Article by Edwin Brosens - www.edwin-macrophoto.com
Using flash for macro photography is as important as remembering to fit a lens to your DSLR. Why? Well with flash, colours are better, we can control the shades and the shutter speed of the camera increase.
When I first started with macro photography I soon discovered that flash was a necessity and looking at the market, I noticed there were special ringflashes designed for macro photography. However, I didn't like the flat look of the light and the way the shades fell behind the subject as this made the shot lose depth of field. With this in mind, I switched to an off camera flash which connected to my camera via a cable, These days, I use a wireless flash as I can position it where ever I feel is best.
When we are using a macro lens, the distance between lens and subject is 10 cm or less which means if you use a flash that's mounted to the top of your camera the light would be too harsh and you'd end up with the lens' shadow over the subject.
A basic set-up would look like this:
Distance And Diffuse
If working hand-held, use a flash bracket as it'll allow you to work faster, which when photographing insects, is a necessity. If you're using a tripod you can hold the flash and experiment with different distances and angles.
To start with, position your flash 45 degrees from your subject as this will allow a good level of light to fall on your subject without it overpowering the shot. I also use an Omni Bounce diffuser on my flash to soften the light further.
Set the white balance of your camera to flash or daylight. Having said that, many people shoot in RAW when taking macro photos as they can then tweak the white balance during post production.
Your flash has to be set at the right level so your subject won't end up looking overly lit / bright. The level of your flash will also change depending on what subject you're photographing. For example, when photographing butterflies, if the body features more white than brown, I have to set the flash level one step lower.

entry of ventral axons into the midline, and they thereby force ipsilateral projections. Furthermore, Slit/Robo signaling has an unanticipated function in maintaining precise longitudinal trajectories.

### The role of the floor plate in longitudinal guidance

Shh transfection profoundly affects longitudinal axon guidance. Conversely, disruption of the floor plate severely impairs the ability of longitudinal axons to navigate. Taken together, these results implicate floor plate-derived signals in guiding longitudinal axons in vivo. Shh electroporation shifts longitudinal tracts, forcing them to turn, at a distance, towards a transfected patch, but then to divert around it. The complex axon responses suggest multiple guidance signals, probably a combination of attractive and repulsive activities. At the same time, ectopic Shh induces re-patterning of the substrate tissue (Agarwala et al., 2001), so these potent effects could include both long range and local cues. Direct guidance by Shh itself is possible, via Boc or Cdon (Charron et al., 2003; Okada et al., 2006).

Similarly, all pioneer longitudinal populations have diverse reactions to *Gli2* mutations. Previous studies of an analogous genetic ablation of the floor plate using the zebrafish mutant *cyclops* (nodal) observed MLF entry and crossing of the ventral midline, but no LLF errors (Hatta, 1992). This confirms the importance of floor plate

With a long exposure of 1/10 sec or more you can use strobe flash (check the manual that came with your flash gun to see if this feature is available). With this, you set the flash ratio and the frequency of the flash so it'll let several bursts of flash off in a short time.
For the photo above, I set the flash to: 10 Hz / 20 Times. As a result, the background as well as the wasp's body is well written.
One of the most interesting aspects of using flash for macro photography is when you're trying to capture insects in-flight. Before moving on to shooting tips, I thought I'd point out the importance of understanding your subject's behavior, how it reacts, where it'll be etc. Do your research before heading out and your job will be a lot easier when you get outside. To shoot insects in-flight, use manual focus and set the drive mode of your camera to continuous.
You need to check what level your camera's ISO is set at before setting the flash level as you'll the higher your ISO, the lower your flash level will need to be.
The USe Of Daylight With Flash
Balance your flash levels with daylight and you'll have a shot that's full of colour and a good level of light. I find the best combination is 30% flash with 70% of daylight. But do take the time to experiment with your flashgun at home so you can learn what angles, distances, strengths etc. work the best.